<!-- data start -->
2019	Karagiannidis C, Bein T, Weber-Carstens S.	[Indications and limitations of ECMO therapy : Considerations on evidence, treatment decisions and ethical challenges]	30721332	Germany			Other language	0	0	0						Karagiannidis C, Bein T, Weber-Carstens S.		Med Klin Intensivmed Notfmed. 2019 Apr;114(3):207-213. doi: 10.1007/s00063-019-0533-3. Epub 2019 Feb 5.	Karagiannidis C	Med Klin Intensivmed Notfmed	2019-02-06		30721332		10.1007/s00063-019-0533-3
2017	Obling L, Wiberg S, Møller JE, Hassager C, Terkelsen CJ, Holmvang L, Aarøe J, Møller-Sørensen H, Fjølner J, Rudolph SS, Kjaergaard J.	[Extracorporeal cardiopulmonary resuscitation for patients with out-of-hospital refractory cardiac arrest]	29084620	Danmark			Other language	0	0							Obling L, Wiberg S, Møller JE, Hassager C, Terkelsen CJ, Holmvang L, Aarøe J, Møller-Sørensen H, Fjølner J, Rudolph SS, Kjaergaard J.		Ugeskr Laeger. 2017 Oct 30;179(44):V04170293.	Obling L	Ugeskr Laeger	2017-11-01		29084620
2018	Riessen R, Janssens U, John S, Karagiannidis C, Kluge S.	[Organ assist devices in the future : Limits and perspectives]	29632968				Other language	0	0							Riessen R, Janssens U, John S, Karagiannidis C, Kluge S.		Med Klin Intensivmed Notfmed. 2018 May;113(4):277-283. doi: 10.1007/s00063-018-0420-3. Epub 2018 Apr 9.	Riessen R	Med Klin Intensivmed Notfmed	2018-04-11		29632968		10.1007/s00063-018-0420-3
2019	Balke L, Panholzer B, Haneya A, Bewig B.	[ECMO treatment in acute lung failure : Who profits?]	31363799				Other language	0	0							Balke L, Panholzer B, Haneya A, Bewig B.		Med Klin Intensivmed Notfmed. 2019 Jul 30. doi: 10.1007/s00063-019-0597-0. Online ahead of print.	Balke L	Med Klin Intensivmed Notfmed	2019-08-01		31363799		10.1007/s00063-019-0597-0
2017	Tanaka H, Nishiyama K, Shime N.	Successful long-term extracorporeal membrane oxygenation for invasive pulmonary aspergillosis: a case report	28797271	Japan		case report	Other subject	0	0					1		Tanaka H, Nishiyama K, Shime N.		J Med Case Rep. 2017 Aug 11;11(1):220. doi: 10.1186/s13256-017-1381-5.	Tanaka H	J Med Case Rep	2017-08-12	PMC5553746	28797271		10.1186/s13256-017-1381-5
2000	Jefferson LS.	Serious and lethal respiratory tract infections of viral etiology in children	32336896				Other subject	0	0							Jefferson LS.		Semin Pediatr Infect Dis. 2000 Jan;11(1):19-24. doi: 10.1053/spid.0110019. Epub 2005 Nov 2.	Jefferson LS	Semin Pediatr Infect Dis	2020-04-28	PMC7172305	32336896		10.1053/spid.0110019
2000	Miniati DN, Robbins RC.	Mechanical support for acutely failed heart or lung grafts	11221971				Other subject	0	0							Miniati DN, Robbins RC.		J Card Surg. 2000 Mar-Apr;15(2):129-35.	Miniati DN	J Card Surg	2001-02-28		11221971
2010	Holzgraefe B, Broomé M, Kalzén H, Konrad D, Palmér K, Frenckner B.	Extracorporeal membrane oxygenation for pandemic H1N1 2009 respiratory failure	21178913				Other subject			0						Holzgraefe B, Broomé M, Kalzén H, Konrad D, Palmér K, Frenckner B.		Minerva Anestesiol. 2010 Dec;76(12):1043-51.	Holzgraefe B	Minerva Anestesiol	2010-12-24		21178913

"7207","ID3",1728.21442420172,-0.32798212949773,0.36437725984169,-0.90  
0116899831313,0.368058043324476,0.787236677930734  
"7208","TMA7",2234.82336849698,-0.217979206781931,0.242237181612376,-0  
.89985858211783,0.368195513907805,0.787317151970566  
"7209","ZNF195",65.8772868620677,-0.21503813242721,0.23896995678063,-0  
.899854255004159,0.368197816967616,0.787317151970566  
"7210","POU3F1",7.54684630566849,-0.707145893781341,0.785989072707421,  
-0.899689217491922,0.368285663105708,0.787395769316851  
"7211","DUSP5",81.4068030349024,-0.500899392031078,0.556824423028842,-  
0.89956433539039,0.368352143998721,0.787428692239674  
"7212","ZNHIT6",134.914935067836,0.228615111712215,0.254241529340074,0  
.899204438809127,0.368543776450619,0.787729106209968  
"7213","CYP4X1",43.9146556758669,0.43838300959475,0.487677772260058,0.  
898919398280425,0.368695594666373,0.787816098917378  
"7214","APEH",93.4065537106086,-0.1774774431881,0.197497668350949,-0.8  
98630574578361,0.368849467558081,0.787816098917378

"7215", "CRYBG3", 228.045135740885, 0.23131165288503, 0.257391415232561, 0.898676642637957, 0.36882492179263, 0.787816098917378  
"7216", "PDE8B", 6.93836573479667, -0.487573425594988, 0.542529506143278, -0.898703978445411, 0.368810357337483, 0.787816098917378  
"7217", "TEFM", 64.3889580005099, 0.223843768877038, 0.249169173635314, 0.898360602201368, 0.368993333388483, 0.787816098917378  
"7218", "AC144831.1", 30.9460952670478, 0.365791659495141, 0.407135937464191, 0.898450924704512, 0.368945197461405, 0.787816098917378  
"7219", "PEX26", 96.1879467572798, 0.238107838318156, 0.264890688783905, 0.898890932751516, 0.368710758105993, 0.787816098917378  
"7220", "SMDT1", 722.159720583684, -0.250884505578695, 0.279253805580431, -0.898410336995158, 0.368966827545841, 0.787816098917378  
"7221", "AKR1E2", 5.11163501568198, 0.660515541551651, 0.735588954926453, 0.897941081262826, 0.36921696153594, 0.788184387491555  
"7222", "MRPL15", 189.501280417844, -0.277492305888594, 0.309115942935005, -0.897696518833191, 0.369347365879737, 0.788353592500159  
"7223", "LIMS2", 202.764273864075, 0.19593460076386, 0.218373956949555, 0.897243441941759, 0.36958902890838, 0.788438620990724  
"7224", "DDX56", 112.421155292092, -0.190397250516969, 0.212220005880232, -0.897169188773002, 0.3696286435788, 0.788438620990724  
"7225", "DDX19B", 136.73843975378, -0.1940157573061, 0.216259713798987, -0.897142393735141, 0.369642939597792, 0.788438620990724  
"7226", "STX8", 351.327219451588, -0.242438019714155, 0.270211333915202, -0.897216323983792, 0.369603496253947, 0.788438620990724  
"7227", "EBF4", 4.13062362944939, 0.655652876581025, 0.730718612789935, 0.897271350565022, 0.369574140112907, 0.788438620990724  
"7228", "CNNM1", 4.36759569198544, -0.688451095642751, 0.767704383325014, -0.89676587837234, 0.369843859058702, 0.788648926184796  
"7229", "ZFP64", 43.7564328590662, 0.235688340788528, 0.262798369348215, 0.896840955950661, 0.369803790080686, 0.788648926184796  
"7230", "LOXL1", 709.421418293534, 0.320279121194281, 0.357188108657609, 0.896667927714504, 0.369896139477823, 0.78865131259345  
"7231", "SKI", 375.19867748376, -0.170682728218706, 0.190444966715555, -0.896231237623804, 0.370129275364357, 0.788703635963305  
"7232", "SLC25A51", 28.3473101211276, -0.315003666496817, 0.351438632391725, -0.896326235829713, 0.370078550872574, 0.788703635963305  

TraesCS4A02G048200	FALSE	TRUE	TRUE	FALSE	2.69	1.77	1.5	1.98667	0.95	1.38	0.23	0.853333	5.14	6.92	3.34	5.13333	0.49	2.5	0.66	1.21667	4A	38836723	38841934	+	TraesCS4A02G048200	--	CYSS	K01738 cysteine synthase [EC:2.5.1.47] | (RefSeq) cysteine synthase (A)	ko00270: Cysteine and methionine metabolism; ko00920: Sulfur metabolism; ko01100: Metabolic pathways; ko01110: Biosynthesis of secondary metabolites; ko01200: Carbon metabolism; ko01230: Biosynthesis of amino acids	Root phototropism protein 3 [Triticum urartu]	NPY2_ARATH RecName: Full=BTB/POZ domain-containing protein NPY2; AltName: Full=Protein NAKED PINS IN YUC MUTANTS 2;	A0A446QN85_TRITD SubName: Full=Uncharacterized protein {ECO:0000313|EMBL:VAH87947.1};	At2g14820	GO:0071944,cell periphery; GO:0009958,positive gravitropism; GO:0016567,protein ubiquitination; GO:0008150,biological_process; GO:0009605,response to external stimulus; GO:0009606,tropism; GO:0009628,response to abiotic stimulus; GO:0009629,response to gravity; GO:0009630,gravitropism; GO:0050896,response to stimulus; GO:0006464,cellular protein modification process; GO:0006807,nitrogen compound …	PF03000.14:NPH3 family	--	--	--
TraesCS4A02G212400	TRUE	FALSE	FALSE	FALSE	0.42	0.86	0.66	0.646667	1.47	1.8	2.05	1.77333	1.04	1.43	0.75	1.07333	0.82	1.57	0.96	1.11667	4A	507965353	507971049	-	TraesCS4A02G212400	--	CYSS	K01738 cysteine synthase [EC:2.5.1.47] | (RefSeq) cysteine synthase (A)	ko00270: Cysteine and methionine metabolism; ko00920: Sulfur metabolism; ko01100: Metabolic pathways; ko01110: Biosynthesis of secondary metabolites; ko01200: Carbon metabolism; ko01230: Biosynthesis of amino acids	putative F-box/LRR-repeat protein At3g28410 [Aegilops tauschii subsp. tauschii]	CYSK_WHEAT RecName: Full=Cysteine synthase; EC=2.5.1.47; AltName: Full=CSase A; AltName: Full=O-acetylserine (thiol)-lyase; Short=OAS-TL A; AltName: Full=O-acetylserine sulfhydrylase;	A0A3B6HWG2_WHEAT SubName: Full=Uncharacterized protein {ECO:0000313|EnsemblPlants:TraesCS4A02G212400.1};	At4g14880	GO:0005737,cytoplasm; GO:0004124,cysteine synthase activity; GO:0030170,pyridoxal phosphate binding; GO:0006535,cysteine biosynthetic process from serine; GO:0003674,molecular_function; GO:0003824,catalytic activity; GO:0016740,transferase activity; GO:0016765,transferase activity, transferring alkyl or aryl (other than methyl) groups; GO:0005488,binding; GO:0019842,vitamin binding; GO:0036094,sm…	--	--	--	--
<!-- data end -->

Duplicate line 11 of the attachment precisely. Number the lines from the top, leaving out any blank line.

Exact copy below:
"7208","TMA7",2234.82336849698,-0.217979206781931,0.242237181612376,-0  